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 Patching up rusty body supports - Best practice ?? 
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Playing in the mud
Playing in the mud

Joined: Tue Jan 22, 2013 10:42 am
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Location: Warwickshire
My Vehicle(s): 2001 Grand Vitara 2.0i
Post Patching up rusty body supports - Best practice ??
Hi All,

Well I'd like to say "long time no see", but it's not really been that long. - Only a couple of months since my last GV related problem.

And, in the intervening couple of months, I've had to replace both the CV boots and the drop links (2nd time in 2 years for the drop links!), so I'm getting the feeling that my 2001 GV has definitely reached the end of it's design life.

However, I'm still refusing to turn off the life support and am now asking the doctors (or more accurately Bloke with welding torch) to help me get this old girl back on the streets for another couple years.

Anyway.
I'm not entirely sure what the correct terminology is but - the area of floor panel to which the body/chassis-frame mounts are attached is seriously rotten on 3 out of the 4 mounts, and I need to get lots of rusty plate chopped out and lots of new plate welded in.

So I'd be grateful if anyone could tell me what the "best practice" is for this procedure. Currently I'm planning to have work done on tuesday, and I've told welder that if he struggles to part the body from the chassis frame, he can chop the triangular mounting brackets off the chassis in order to get access to the under floor.

Is he likely to need to do this? Or is it relatively easy to part the body from the Chassis frame once the bolts are undone? Do you need to undo anything else? (Seems likely !!) I'm no welder, but I guess he probably needs at least a 6 inch gap between bracket and the under floor to get his new plate and welding torch in.

All help/advice gratefully received.

Cheers,
Brian


Fri Jun 10, 2016 2:59 pm
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Post Re: Patching up rusty body supports - Best practice ??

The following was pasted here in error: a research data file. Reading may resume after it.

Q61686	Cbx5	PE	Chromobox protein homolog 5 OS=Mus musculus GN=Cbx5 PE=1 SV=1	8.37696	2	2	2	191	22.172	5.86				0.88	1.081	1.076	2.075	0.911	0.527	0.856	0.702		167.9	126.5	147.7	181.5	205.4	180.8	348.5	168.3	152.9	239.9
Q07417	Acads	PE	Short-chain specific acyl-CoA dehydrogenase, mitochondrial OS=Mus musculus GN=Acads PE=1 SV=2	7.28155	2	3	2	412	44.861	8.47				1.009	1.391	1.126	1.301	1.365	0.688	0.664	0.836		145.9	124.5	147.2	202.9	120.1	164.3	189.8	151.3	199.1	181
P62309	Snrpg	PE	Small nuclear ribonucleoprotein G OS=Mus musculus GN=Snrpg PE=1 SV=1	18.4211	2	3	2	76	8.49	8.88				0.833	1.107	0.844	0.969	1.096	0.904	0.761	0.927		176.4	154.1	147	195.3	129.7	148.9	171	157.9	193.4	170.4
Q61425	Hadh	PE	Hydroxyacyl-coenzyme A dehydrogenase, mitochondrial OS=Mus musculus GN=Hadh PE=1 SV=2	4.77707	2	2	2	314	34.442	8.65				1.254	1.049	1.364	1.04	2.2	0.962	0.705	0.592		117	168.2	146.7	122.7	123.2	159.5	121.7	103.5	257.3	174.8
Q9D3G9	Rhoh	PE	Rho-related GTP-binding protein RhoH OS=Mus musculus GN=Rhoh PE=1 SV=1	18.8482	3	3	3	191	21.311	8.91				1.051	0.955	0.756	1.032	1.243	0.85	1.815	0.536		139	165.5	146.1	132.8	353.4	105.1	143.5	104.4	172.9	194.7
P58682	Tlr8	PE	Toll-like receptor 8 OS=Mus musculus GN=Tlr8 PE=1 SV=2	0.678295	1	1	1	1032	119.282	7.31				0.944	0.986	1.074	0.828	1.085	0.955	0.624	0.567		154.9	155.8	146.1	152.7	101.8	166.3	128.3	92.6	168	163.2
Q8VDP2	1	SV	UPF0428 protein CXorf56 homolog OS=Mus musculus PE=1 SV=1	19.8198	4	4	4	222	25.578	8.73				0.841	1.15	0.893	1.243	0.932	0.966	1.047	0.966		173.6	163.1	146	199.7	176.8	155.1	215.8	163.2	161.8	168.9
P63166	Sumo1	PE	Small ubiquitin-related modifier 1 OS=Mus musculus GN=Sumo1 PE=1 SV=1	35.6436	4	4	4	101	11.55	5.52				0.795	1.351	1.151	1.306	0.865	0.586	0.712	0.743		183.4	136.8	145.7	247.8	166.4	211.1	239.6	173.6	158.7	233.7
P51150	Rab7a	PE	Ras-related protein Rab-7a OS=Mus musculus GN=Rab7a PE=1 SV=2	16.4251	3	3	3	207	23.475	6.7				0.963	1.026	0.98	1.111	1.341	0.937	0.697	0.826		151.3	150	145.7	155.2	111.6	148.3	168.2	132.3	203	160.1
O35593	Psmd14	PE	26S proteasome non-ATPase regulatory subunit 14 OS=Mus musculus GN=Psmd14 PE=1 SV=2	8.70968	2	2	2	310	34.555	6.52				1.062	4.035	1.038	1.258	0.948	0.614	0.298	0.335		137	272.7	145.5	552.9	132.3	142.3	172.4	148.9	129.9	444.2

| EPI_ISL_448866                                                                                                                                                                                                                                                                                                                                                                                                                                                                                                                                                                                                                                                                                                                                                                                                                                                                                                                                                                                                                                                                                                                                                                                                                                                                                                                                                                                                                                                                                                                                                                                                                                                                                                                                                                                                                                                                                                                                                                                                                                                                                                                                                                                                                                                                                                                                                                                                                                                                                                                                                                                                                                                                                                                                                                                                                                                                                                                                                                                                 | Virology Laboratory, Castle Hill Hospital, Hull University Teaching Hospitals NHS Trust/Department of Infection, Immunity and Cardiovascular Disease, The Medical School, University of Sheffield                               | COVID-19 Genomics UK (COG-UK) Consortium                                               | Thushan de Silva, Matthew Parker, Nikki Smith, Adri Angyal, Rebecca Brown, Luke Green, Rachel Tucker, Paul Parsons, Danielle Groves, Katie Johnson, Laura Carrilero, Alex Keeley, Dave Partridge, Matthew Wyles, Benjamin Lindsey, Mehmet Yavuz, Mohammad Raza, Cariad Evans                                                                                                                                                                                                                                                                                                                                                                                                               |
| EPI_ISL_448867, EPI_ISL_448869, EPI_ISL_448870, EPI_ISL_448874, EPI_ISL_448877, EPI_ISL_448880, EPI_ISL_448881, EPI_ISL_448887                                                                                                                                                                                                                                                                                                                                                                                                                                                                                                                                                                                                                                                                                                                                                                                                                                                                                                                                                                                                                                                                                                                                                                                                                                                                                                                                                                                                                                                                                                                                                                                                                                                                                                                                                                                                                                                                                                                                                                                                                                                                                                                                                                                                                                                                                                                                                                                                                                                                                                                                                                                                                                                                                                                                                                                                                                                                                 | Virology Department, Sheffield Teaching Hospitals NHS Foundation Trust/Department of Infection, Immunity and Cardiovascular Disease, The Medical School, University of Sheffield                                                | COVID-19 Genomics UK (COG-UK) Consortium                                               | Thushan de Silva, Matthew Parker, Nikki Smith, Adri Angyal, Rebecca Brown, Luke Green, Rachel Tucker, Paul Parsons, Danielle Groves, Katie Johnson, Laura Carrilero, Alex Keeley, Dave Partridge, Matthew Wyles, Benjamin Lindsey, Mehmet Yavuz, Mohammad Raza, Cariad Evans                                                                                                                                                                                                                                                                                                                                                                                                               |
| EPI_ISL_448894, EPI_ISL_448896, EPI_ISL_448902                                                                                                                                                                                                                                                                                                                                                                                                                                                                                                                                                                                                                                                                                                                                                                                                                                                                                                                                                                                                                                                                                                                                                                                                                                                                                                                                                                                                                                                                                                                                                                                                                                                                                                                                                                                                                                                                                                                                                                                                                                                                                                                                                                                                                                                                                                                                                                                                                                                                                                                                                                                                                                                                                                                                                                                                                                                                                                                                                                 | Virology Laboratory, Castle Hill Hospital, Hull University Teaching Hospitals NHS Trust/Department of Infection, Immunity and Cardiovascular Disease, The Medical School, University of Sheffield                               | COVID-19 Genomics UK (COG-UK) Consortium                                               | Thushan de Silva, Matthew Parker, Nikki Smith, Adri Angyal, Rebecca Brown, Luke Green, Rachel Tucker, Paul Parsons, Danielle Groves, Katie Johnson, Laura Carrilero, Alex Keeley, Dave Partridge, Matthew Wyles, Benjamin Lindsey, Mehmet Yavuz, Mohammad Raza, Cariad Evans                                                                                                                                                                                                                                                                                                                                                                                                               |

It's not too bad getting the chassis and body apart, but undo all brake lines, hand break mech, fuel lines etc that are attached to both, plus the bumpers will probably have to come off.

Plus gas all the bolts involved NOW! and every day from now on.

Honestly, if you do this, it will be easy, if you don't it'll be painful, and become an arse of a job.

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Fri Jun 10, 2016 3:27 pm
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Playing in the mud
Playing in the mud

Joined: Tue Jan 22, 2013 10:42 am
Posts: 38
Karma: 0

Location: Warwickshire
My Vehicle(s): 2001 Grand Vitara 2.0i
Post Re: Patching up rusty body supports - Best practice ??
Many thanks for your advice Munkee. Sound's easy the way you say it !!

Unfortunately I've got car and welder/gas lives 30 miles away. However I can leave it with him for several days if necessary. I'll pass on advice and discuss it with him on Tuesday.

Thanks again. I'll let you know if she pulls through !

Cheers,
Brian


Fri Jun 10, 2016 9:01 pm
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Playing in the mud
Playing in the mud

Joined: Tue Jan 22, 2013 10:42 am
Posts: 38
Karma: 0

Location: Warwickshire
My Vehicle(s): 2001 Grand Vitara 2.0i
Post Re: Patching up rusty body supports - Best practice ??
Hi Munkee,

Job's done. Picked her up on Wednesday, and now there's lots of nice, thick, solid, steel where previously there was only crumbly, red, misery.

Didn't go with lifting the body. Welder convinced me that he was a lot better at steel fabrication than he was taking off fuel pipes etc, and that it was by far the cheaper way to go. Needless to say - we did it his way!

However, although he's made a brilliant job of constructing the new box sections that the body is sitting on, and the brackets are so beautifully welded back in place they look factory fresh; unfortunately he's not left any drainage holes in the new box sections. So I've now got a couple of water traps that'll hold a litre each, permanently immersing the two small diameter bolts which are pretty much all that's holding the front of the body to the rest of car. Which isn't entirely great news.

I have however discovered that if you completely fill any under floor cavities you have with wax oil, there's less room for the water to get in, and things generally don't rust as quick.

1st can of wax oil didn't go very far towards filling the cavities tonight. Must buy a couple more tomorrow !

Thanks anyway Munkee. Hopefully it'll keep her running for a couple more years!

All the best.
Brian


Fri Jun 17, 2016 9:37 pm
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